Project description:<h4>Introduction</h4>Sexual dysfunction is one of the most common side effects of allogeneic haematopoietic stem cell transplantation (HSCT) for haematological cancers. Problems can persist between 5 and 10?years post-transplant and impact mood, couple intimacy and relationship satisfaction. Few intervention studies, however, target sexual dysfunction in patients post-HSCT. This pilot study aims to examine the feasibility and acceptability of implementing a psychosexual intervention for HSCT survivors and their partners post-transplantation.<h4>Methods and analysis</h4>Fifteen allogeneic HSCT survivors and their partners will be recruited. Patients who are more than 3 months post-transplantation will be sent invitation letters describing the couples' psychosexual intervention that will be offered through this study. The intervention will comprise two components: (1) psychosexual education about medical and behavioural treatment options for sexual dysfunction delivered by a haematology nurse consultant; (2) emotionally focused therapy-based relationship education programme for couples delivered by a clinical psychologist (four sessions of 1.5?hours each). Couples who consent to participate will be administered a series of measures assessing mood, relationship satisfaction and sexual dysfunction preintervention and post-intervention, as well as satisfaction with the intervention postintervention. Feasibility of the intervention will be examined via recording enrolment rate, adherence, compliance with completing outcome measures and fidelity of intervention delivery.<h4>Ethics and dissemination</h4>Ethics approval has been obtained at the Peter MacCallum Cancer Centre in Melbourne, Australia. Results will be presented at national and international conferences and published in a peer-reviewed journal so that in can be accessed by clinicians involved in the care of allogeneic HSCT patients. If this intervention is found to be feasible and acceptable, its impact will be examined in a future randomised controlled trial and subsequently implemented as part of routine care in the allogeneic HSCT population.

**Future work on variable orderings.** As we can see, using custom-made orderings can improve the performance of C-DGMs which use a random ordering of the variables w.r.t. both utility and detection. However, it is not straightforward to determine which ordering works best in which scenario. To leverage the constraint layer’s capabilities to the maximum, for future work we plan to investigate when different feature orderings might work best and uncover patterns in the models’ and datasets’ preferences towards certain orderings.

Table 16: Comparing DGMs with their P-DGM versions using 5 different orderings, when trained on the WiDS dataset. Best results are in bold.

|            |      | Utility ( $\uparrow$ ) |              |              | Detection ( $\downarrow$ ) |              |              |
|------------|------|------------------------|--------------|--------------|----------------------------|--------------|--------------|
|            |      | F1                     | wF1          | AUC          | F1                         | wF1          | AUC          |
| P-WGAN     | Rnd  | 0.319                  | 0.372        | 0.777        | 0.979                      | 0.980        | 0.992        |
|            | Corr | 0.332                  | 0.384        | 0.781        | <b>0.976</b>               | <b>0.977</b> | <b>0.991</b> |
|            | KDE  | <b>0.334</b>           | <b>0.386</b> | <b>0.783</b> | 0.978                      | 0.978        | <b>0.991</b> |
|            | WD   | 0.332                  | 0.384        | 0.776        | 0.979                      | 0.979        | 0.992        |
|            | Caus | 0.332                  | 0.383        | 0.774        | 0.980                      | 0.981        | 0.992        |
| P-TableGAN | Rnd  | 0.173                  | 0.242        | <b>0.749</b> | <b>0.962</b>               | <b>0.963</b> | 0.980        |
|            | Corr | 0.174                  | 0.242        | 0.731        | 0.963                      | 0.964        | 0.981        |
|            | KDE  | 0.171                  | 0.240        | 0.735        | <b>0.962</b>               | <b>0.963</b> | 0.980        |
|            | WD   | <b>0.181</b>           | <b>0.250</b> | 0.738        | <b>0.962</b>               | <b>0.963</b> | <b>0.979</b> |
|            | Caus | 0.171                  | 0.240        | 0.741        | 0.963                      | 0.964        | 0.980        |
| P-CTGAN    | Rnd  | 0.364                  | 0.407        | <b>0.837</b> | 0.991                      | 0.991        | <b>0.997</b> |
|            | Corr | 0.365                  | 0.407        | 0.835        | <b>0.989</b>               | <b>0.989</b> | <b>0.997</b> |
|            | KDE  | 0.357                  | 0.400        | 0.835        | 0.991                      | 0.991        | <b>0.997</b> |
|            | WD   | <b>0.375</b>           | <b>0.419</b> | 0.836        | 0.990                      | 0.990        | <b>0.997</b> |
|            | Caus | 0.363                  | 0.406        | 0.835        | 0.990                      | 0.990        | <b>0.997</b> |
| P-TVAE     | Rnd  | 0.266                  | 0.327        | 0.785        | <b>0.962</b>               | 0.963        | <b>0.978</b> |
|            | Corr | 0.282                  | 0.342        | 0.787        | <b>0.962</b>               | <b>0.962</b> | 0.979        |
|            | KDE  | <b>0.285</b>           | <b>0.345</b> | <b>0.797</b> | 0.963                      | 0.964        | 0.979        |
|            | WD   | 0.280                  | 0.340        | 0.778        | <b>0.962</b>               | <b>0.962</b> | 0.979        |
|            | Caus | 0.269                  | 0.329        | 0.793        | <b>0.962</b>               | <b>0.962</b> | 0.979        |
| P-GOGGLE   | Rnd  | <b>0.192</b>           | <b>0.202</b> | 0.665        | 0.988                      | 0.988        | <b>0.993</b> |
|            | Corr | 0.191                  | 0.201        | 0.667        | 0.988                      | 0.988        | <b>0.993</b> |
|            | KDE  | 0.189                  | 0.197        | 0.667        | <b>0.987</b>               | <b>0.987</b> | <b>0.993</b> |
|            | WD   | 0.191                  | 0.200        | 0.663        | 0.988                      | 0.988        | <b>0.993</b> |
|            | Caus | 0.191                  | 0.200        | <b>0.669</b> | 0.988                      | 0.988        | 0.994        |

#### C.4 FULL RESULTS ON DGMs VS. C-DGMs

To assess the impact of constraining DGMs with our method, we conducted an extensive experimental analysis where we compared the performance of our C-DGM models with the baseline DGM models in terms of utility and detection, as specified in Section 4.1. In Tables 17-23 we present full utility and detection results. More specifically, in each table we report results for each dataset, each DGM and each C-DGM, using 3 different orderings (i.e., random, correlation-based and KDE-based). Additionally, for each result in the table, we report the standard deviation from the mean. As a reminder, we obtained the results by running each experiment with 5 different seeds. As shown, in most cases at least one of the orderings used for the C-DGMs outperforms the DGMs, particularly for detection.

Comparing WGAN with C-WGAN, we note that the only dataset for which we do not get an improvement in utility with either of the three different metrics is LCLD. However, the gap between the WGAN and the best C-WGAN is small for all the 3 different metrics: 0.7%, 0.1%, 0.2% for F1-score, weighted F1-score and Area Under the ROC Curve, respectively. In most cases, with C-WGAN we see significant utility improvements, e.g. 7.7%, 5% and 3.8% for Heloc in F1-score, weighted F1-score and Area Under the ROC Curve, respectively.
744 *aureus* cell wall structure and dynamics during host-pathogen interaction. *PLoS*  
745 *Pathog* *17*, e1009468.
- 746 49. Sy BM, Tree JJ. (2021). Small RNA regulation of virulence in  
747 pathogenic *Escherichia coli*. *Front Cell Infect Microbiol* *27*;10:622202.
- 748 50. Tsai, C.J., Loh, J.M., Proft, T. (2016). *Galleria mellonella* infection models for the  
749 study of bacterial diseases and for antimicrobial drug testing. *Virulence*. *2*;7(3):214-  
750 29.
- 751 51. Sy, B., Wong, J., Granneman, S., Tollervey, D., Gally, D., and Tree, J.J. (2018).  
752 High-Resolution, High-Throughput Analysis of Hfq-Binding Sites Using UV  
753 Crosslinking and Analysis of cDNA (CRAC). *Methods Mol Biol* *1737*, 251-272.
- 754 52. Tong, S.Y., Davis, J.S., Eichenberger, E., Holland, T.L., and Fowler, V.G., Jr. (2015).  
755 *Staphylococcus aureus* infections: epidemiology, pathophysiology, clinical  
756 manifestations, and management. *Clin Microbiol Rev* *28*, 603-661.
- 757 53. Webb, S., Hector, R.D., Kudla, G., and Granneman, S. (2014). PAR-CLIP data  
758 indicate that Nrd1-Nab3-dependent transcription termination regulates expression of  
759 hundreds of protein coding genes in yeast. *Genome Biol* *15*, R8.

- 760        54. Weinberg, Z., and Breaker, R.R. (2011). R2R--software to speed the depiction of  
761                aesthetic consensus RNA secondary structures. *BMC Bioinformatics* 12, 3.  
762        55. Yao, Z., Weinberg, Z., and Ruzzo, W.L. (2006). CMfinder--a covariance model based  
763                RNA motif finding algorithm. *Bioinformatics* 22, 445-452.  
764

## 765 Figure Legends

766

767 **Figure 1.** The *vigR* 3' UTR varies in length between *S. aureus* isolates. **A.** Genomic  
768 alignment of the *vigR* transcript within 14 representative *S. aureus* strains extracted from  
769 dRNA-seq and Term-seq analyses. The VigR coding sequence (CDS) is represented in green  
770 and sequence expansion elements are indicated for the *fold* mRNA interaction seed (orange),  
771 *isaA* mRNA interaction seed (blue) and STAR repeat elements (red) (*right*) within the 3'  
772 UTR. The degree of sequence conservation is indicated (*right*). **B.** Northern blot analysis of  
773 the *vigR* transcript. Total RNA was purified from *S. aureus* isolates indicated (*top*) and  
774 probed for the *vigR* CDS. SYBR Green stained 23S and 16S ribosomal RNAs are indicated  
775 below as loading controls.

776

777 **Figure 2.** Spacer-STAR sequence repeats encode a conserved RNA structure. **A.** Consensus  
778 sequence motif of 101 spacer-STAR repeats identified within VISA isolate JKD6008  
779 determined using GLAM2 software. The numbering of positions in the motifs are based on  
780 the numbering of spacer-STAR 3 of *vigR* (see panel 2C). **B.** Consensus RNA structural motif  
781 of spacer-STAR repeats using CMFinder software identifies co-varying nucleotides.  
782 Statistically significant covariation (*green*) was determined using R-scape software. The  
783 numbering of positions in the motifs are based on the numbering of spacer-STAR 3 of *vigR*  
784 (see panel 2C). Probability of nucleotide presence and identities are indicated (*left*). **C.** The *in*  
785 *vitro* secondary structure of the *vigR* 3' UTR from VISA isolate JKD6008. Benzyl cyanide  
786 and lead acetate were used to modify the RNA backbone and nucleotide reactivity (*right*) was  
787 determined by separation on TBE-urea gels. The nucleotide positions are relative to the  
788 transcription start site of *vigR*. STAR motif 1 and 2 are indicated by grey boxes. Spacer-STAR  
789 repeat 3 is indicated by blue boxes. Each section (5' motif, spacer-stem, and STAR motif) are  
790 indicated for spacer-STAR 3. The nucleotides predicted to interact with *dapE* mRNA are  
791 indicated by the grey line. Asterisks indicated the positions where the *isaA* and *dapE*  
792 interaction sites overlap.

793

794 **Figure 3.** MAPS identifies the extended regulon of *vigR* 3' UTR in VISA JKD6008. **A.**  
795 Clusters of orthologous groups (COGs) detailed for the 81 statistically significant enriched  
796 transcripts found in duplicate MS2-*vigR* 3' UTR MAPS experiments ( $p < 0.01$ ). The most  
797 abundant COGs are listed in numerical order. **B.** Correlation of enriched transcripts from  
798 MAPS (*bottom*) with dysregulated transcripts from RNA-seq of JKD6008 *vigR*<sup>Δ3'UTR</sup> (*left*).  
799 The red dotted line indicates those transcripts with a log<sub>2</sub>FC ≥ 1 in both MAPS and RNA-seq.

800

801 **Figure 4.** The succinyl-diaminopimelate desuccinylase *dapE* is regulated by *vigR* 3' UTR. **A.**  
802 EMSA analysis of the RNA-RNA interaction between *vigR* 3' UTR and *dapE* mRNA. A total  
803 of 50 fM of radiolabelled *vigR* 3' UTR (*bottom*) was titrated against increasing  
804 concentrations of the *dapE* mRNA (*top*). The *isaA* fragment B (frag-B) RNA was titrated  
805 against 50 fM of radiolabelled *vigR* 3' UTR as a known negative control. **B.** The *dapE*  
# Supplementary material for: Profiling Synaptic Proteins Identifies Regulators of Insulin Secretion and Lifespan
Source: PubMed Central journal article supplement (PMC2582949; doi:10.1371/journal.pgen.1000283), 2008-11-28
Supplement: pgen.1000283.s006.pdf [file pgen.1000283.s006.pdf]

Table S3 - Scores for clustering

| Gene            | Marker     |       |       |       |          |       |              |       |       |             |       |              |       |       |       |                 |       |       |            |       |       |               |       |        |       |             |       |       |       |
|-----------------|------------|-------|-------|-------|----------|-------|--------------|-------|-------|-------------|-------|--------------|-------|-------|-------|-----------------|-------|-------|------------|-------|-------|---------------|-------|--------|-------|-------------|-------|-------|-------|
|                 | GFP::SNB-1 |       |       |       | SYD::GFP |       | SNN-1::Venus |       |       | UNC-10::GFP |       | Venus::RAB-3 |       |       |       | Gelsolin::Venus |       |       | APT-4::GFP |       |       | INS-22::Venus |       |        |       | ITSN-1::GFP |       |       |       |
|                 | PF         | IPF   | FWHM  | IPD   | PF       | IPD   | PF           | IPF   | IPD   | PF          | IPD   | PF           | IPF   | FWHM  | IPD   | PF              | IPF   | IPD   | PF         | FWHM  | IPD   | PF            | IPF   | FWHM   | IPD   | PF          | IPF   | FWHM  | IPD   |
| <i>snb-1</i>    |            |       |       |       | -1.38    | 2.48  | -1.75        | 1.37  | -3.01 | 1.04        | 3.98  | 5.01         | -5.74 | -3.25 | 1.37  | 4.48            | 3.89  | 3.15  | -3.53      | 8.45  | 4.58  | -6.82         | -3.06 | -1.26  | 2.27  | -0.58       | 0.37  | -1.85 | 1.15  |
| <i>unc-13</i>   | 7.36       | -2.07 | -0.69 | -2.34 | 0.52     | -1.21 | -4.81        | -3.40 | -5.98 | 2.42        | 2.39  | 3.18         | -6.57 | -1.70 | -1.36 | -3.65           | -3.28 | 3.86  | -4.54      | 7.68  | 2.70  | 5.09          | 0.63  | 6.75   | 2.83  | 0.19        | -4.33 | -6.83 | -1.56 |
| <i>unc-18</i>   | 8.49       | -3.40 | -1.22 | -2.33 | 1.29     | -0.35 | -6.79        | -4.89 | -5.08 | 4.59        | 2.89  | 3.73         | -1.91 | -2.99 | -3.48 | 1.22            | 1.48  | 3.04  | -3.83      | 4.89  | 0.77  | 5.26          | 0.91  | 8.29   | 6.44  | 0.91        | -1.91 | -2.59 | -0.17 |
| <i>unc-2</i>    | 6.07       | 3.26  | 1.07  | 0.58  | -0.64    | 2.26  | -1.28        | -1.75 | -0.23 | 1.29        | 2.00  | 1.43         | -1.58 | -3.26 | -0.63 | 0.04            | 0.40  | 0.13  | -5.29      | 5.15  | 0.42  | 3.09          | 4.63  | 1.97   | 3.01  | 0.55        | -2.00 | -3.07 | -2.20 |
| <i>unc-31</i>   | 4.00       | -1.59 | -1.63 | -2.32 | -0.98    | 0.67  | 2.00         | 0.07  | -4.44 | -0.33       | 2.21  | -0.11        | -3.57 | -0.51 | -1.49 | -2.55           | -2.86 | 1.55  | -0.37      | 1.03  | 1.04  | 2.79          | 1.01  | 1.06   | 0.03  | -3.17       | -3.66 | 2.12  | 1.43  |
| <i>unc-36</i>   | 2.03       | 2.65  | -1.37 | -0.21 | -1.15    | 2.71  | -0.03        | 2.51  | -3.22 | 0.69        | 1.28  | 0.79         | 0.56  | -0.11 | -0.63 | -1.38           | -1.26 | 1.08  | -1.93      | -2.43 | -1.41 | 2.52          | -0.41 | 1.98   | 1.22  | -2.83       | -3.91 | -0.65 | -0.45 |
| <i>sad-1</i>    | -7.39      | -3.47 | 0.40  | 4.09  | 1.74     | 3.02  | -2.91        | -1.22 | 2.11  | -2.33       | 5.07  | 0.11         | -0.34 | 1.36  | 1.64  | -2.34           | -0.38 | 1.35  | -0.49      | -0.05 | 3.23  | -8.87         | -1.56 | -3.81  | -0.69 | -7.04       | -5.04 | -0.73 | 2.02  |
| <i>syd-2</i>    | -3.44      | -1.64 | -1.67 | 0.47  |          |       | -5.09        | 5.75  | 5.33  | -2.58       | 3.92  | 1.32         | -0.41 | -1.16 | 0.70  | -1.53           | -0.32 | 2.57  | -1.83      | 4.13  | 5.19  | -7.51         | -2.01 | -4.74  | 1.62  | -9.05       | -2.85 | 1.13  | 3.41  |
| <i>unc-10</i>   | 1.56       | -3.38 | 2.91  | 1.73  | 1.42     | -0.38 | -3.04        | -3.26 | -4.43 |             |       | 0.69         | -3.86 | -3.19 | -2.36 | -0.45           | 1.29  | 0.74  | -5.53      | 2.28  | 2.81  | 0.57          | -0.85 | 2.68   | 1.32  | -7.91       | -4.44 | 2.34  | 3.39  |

Project description:OBJECTIVES:The purpose of this randomized controlled trial was to evaluate the effects of a specialized yoga program for individuals with a spinal cord injury (SCI) on pain, psychological, and mindfulness variables. MATERIALS AND METHODS:Participants with SCI (n=23) were outpatients or community members affiliated with a rehabilitation hospital. Participants were randomized to an Iyengar yoga (IY; n=11) group or to a 6-week wait-list control (WLC; n=12) group. The IY group participated in a twice-weekly 6-week seated IY program; the WLC group participated in the same yoga program, after the IY group's yoga program had ended. Pain, psychological, and mindfulness measures were collected at two time points for both groups (within 1-2 weeks before and after program 1 and at a third time point for the WLC group (within 1 week after program 2). RESULTS:Linear mixed-effect growth models were conducted to evaluate the main effects of group at T2 (postintervention), controlling for T1 (preintervention) scores. T2 depression scores were lower (F1,18=6.1, P<0.05) and T2 self-compassion scores higher (F1,18=6.57, P< 0.05) in the IY group compared to the WLC group. To increase sample size and power, the two groups were combined and analyzed across time by comparing pre- and postintervention scores. Main effects of time were found for depression scores, (F1,14.83=6.62, P<0.05), self-compassion, (F1,16.6=4.49, P<0.05), mindfulness (F1,16.79=5.42, P<0.05), mindful observing (F1,19.82=5.06, P<0.05), and mindful nonreactivity, (F1,16.53=4.92, P<0.05), all showing improvement after the intervention. DISCUSSION:The results indicated that a specialized 6-week yoga intervention reduced depressive symptoms and increased self-compassion in individuals with SCI, and may also have fostered greater mindfulness.